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South Sudan turns 1, but oil, border issues remain

Tens of thousands of South Sudanese gathered under a sweltering sun on Monday in the capital, Juba, to celebrate the first birthday of the world's youngest nation — an event marred by dire economic hardships and a near-constant threat of war.

Dance troops gave traditional performances and South Sudan's armed forces put on a parade that featured the country's fiercest pieces of weaponry: two attack helicopters. The sun was so intense that several soldiers were carried off in stretchers.

President Salva Kiir addressed the country's number one threat: a return to war with Sudan, the country the south battled for more than two decades.

"Since our independence, Khartoum has continuously violated our sovereignty through aerial bombardments and ground incursions," he said.

South Sudan's biggest success in its first year was avoiding all-out war with Sudan. But it came close. A row over the sharing of the two countries' once-unified oil industry prompted South Sudan to shut down its oil production.

Because the south's oil travels through pipelines that run through Sudan, the decision cut off a major source of Khartoum's revenue and has led to instability in that capital. But the move cost South Sudan as well. The landlocked nation derives 98 percent of its normal government budget from oil.

Oil also sparked a dangerous military confrontation between the two sides in April, when South Sudan captured the disputed town of Heglig, which is responsible for more than half of Sudan's oil production. The move was met with international condemnation.

But several of South Sudan's woes are internal. South Sudan has been beset by ethnic clashes, primarily in Jonglei state, where the United Nations estimates nearly 900 people were killed in brutal cattle raids and reprisal attacks between late December and early February.

Because of the loss of oil revenue, inflation is skyrocketing, leaving average families with less to eat. Nearly 200,000 refugees fleeing war in the southern reaches of Sudan have moved into refugee camps in South Sudan.

"The high hopes for the world's newest nation have yet to materialize," said Gerald Magashi of the aid group Plan International.

Aid groups say that South Sudanese soldiers are torturing members of the minority Murle community in Jonglei state during an ongoing disarmament campaign. The region is a powderkeg likely to see renewed violence between warring communities.

"The jubilation of independence is now tempered by the reality of a daily struggle to survive," said Helen McElhinney, an Oxfam policy adviser. "Some people are living on one meal a day and double the number of people are in need of food aid compared to last year. Refugees are enduring dire conditions in border camps with not enough water to go around."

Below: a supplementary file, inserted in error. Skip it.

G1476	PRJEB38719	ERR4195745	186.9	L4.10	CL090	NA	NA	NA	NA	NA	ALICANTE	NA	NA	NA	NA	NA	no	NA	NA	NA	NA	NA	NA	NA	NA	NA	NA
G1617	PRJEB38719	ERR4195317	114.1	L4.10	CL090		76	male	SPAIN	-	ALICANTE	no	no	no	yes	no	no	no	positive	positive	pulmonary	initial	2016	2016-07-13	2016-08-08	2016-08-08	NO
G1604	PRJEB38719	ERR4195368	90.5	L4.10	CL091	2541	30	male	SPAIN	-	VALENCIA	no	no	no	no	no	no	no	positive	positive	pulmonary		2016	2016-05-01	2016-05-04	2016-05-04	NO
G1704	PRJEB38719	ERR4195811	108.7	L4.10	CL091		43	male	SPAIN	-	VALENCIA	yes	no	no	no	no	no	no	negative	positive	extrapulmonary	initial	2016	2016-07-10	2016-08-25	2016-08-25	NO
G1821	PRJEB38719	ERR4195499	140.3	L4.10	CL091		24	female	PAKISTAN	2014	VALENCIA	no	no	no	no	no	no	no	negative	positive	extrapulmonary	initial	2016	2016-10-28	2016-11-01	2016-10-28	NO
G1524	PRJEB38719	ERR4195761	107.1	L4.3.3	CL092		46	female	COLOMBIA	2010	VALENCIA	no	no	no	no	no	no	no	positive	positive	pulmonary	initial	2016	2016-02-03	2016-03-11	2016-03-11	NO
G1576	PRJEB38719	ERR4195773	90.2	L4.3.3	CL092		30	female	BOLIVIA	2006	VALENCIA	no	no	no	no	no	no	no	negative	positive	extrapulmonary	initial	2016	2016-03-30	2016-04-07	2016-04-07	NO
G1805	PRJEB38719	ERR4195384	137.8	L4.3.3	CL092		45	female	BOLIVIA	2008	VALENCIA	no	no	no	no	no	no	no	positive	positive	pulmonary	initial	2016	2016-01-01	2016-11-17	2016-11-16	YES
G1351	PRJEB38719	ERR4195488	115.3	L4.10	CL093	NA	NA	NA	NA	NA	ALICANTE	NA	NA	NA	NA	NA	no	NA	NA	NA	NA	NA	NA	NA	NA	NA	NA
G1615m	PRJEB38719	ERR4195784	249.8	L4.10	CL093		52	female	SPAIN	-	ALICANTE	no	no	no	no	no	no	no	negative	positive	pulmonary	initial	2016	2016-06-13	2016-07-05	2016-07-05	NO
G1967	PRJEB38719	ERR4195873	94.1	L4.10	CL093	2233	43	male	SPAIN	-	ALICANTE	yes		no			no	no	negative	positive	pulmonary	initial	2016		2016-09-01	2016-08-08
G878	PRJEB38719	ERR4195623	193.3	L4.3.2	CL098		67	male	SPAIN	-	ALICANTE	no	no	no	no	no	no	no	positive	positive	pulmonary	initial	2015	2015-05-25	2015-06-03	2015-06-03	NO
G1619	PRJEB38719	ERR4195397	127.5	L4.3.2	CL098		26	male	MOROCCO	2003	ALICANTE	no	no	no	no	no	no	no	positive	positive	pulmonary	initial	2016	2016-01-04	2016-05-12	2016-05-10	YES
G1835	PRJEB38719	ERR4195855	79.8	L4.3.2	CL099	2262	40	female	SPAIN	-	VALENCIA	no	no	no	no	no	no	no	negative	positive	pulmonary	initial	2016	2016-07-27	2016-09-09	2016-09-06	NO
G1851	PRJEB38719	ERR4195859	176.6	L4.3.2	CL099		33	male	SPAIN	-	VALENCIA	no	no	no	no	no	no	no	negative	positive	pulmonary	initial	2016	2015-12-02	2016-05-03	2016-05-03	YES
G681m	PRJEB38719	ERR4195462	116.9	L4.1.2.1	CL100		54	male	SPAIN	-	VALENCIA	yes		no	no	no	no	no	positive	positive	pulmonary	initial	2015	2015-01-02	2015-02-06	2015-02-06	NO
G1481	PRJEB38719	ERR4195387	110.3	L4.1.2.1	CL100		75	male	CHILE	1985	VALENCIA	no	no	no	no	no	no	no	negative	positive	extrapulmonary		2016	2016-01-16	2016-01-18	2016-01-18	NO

U.S. Secretary of State Hillary Clinton recently warned that "conflict and unresolved issues with Sudan, and internal inter-ethnic tensions have led to increased fighting and economic hardship that threaten to compromise the very foundation on which South Sudan's future will be built."

The U.N.'s top representative to South Sudan, Hilde Johnson, called the country's first year "a tough start." The country faces an inflation rate of 80 percent, Johnson said.

The economic crisis might have one bright side: talks with Sudan. Because both countries are hurting economically from the oil shutdown, Johnson said she is more hopeful that talks under way in Ethiopia could produce results.

The Enough Project, a Washington-based policy group, said the two sides still need to agree on the definition of the border, oil issues, citizenship rights and the final status of the disputed region of Abyei. The U.N. Security Council has ordered the two sides to reach agreements by Aug. 2.

"Letting the Aug. 2 deadline lapse without the conclusion of a comprehensive agreement risks the creation of greater insecurity and uncertainty along the north-south border, while leaving unresolved issues critical to the two Sudans' economic viability. Khartoum and Juba, with the support of the international community, must act immediately to ensure that this scenario does not occur," said the Enough Project's Jenn Christian.

Helen Cameron is a recent returnee to South Sudan. During the civil war that split Sudan in two, Cameron fled to Khartoum and then to Cairo. She found it difficult to adjust after her return to South Sudan.

"War mentality is so very hard," she said. "When I was in Cairo I was very happy. I didn't have any problems. I never hear any guns, shooting — that was the movies. But that is reality here."

But Cameron is determined to stay. In Juba's Hai Thoura neighborhood, she joined in the independence celebrations on Monday. Residents cheered from atop unfinished buildings. A circle of traditional dancers pulsated nearby and cars flying the flag of South Sudan honked their horns.

Cameron's face was painted red, black, green and blue like South Sudan's flag.

"We have a lot of challenges," says Cameron. "Three, four months ago we had war on the borders. In this time it was hard for us. The economy is hard, now down. We need to understand how to develop up our country."

Kiir, in his speech, tried to sound optimistic.

"We are not a people who fear the night," he said. "Because we know that no matter the night becomes long, still, morning will come. There is no reason for worry or for a hurry."

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Associated Press reporter Jason Straziuso contributed to this report from Nairobi, Kenya.